A New Food Stamp Pattern
October 20, 2014
The food stamp program (more formally, the Supplemental Nutrition Assistance Program, or SNAP) is intended to help low-income Americans with their food bills. Traditionally, the number of Americans receiving SNAP benefits rises during poor economic times and falls during good ones. But that is not what is happening today, says Robert Doar, fellow at the American Enterprise Institute. While SNAP responded as one would expect to changes in employment levels from 1969 through 2003, it began to grow from 2003 to 2007, despite the drop in unemployment that took place during that time.
Today, says Doar, there are tens of millions of Americans on food stamps. In December 2012, the program hit a record high, with 47.8 million recipients. It has barely budged since then, dropping only 2.7 percent.
He compares the recovery today with the recovery after the early 1980s recession:
- During the four years of recovery after the 1982-1982 recession, the number of recipients in the SNAP program fell by 12.5 percent.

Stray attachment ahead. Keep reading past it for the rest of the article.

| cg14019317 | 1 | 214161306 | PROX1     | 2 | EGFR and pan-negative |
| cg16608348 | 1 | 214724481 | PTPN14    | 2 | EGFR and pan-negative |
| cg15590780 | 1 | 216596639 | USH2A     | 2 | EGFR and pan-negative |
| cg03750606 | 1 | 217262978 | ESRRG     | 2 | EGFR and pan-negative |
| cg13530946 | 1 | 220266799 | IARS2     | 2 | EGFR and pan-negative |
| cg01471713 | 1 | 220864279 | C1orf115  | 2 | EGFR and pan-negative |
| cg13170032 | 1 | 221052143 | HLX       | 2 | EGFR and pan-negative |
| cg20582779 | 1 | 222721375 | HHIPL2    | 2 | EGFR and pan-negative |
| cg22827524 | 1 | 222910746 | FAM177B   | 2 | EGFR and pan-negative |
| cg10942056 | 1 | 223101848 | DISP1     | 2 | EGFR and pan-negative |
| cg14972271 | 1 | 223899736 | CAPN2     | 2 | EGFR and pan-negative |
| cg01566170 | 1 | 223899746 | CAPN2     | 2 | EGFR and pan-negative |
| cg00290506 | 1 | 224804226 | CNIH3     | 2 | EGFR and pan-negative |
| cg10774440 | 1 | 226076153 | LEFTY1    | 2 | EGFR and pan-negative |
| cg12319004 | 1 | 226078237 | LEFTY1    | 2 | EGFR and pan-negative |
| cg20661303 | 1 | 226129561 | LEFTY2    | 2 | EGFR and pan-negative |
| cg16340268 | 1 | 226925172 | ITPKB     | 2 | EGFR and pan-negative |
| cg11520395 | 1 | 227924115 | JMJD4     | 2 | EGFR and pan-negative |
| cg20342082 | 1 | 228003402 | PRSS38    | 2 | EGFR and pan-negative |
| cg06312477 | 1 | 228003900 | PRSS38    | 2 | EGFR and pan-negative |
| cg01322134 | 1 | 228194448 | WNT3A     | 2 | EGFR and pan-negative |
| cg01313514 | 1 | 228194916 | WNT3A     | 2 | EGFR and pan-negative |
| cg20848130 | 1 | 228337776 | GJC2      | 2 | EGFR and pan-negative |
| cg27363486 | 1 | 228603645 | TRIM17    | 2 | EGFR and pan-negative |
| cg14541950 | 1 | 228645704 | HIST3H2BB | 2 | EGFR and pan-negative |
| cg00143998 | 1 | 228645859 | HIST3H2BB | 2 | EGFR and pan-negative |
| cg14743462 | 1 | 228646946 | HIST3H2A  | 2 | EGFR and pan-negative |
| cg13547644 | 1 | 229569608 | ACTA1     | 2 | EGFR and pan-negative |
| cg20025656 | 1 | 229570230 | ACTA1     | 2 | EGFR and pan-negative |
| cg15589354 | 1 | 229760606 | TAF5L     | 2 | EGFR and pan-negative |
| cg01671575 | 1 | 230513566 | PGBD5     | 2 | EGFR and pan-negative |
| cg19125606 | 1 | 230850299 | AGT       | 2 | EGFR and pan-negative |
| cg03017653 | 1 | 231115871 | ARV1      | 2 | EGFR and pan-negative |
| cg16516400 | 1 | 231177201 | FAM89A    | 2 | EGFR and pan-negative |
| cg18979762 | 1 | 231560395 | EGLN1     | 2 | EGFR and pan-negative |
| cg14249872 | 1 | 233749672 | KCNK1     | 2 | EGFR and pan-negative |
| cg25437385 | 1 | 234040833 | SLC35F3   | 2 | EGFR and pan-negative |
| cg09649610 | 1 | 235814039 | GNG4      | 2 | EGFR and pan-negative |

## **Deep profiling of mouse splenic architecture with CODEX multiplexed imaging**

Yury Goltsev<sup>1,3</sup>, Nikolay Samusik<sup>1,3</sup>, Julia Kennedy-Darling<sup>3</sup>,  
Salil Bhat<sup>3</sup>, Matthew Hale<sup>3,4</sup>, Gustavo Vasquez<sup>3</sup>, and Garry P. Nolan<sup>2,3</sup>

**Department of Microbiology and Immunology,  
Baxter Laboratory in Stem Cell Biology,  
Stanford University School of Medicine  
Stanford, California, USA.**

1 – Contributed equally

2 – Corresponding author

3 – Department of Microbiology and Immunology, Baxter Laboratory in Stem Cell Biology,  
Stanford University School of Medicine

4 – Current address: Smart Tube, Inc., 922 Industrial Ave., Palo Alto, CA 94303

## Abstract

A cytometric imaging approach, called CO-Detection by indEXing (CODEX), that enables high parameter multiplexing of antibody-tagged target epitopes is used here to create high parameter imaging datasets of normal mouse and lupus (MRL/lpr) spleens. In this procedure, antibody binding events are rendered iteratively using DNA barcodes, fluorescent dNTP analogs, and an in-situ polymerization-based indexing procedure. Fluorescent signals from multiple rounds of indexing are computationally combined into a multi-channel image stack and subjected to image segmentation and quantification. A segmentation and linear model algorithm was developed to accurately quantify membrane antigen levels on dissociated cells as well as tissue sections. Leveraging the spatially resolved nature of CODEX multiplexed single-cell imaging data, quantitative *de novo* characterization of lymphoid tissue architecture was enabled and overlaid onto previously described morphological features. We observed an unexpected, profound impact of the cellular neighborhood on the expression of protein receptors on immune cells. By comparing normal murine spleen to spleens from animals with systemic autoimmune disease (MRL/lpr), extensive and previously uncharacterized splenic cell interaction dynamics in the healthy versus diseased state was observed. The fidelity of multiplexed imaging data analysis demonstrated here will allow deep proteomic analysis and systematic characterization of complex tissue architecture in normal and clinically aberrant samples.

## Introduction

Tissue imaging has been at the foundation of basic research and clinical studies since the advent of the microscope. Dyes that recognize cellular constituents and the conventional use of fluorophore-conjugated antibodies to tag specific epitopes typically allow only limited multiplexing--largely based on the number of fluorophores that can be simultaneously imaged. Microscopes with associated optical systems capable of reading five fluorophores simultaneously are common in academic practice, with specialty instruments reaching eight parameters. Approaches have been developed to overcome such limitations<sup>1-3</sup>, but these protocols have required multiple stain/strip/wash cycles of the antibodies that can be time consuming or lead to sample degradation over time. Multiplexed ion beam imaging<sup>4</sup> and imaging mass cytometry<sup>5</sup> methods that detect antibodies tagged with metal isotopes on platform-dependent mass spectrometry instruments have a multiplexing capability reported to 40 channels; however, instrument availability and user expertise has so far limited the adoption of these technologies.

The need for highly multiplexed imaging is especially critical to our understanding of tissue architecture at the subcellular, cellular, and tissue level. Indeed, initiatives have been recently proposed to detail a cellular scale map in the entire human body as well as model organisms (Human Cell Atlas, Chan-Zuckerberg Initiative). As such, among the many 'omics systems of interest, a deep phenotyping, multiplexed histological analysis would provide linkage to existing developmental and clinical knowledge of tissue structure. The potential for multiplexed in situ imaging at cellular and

- But in the four years after the 2007-2009 recession, the number of recipients in the SNAP program increased by 15.6 percent.
Had SNAP conformed with the 1980s recovery, Doar calculates there would be just 36 million Americans on food stamps rather than 46.7 million today.
What explains the shift? Doar admits the economy is still struggling, but it cannot be the sole culprit behind the food stamp rise. He suggests that the food stamp program, combined with the plethora of other welfare assistance programs that the government offers, is encouraging Americans to take government benefits instead of work. To many, employment may not seem worth the effort when food stamps, housing assistance, Medicaid and unemployment benefits are available.
Source: Robert Doar, "The US economic recovery is still on food stamps," American Enterprise Institute, October 16, 2014.
Browse more articles on Economic Issues